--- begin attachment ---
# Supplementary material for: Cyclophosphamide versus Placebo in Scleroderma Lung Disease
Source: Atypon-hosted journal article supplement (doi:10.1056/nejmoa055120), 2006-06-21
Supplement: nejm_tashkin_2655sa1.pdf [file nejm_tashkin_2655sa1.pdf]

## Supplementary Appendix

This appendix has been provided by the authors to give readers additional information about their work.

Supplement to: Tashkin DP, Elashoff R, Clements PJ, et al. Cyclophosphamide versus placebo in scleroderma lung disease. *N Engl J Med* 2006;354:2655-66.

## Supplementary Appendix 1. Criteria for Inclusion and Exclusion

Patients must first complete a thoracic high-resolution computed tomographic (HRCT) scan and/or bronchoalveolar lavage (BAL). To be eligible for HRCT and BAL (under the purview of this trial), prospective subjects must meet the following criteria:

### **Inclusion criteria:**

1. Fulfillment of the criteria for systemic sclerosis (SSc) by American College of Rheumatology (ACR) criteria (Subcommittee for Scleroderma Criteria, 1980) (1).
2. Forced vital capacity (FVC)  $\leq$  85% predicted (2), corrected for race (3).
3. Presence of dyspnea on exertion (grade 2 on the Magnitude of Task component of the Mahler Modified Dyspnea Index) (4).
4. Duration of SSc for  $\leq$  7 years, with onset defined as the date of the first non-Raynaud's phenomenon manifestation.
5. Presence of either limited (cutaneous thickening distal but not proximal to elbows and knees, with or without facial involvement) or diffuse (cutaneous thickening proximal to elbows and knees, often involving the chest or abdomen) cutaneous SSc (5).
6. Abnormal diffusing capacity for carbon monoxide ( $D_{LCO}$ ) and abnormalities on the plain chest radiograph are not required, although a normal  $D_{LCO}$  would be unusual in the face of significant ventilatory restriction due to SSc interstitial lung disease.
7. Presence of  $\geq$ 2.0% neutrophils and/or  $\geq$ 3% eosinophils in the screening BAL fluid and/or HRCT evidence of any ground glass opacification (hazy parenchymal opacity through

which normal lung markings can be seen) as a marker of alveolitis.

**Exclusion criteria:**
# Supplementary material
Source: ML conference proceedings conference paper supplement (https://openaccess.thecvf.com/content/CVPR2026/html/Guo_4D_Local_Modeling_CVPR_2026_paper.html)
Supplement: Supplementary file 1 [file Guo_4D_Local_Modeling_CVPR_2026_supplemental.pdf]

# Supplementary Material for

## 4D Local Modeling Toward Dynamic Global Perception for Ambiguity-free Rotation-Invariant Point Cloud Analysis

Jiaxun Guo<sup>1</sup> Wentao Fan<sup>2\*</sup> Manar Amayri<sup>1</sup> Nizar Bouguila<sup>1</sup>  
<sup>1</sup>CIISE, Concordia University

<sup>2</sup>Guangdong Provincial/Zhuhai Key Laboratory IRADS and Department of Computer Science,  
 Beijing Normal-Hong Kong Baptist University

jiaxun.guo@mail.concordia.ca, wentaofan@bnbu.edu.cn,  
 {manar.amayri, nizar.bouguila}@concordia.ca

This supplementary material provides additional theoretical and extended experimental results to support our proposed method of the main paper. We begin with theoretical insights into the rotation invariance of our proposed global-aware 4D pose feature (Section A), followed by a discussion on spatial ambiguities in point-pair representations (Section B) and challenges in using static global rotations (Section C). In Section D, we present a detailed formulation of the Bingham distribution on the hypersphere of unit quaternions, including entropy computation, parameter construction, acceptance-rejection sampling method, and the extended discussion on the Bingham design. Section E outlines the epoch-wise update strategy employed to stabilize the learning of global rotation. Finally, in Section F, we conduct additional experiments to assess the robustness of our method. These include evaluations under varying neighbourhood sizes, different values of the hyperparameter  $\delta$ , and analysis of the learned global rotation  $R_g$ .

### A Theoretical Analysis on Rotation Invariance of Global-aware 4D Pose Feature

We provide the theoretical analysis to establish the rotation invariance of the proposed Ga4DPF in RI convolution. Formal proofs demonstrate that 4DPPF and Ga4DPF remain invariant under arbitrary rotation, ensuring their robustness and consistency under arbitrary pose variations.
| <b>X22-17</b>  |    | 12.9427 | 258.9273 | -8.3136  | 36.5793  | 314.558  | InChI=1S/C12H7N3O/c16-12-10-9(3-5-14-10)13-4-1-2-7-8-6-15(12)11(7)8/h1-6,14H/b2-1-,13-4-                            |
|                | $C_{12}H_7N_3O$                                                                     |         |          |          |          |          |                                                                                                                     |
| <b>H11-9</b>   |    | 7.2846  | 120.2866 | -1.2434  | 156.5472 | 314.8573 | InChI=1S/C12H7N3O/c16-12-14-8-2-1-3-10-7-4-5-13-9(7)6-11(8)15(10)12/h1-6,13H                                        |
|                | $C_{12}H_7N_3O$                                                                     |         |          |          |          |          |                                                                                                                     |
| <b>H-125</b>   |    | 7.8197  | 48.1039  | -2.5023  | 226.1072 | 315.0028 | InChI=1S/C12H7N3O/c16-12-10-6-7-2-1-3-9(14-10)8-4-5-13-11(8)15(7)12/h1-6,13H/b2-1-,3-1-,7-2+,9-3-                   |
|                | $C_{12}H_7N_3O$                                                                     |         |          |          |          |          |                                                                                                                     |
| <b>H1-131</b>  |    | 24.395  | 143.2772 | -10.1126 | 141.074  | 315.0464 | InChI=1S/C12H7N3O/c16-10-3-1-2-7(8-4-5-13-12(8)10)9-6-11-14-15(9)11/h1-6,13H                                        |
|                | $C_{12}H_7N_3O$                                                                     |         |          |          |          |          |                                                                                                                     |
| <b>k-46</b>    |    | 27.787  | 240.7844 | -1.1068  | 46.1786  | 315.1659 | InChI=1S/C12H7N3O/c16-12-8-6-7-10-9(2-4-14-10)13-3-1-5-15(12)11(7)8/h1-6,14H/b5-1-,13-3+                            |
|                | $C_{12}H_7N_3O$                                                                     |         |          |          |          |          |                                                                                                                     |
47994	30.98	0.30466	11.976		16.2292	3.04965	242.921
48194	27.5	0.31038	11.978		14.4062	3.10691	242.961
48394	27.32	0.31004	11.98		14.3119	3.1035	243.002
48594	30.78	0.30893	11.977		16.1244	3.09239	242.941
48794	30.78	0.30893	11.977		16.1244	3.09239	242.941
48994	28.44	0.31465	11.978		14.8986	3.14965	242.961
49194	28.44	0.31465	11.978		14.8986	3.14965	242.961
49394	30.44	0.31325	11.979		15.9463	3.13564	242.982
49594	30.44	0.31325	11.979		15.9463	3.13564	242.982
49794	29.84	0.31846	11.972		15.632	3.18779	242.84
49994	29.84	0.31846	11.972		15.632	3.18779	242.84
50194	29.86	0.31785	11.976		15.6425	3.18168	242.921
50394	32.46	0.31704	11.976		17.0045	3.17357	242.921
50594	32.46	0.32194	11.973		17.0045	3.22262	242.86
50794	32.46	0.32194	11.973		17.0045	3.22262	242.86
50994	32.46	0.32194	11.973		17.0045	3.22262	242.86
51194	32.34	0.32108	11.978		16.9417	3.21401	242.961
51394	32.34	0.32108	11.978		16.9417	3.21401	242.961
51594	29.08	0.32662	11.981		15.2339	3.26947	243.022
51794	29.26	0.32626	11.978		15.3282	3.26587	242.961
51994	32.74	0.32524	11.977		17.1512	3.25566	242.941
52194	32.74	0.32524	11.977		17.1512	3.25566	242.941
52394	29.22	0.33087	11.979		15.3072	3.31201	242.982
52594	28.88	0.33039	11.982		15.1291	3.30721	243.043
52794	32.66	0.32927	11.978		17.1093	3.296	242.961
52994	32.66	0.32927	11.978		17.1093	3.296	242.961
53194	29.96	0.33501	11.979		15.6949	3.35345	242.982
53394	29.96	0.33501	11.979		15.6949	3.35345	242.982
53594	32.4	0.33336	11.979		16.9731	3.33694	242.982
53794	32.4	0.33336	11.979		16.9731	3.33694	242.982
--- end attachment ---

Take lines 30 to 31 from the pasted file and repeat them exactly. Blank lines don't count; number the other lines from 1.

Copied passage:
This supplementary material provides additional theoretical and extended experimental results to support our proposed method of the main paper. We begin with theoretical insights into the rotation invariance of our proposed global-aware 4D pose feature (Section A), followed by a discussion on spatial ambiguities in point-pair representations (Section B) and challenges in using static global rotations (Section C). In Section D, we present a detailed formulation of the Bingham distribution on the hypersphere of unit quaternions, including entropy computation, parameter construction, acceptance-rejection sampling method, and the extended discussion on the Bingham design. Section E outlines the epoch-wise update strategy employed to stabilize the learning of global rotation. Finally, in Section F, we conduct additional experiments to assess the robustness of our method. These include evaluations under varying neighbourhood sizes, different values of the hyperparameter  $\delta$ , and analysis of the learned global rotation  $R_g$ .

### A Theoretical Analysis on Rotation Invariance of Global-aware 4D Pose Feature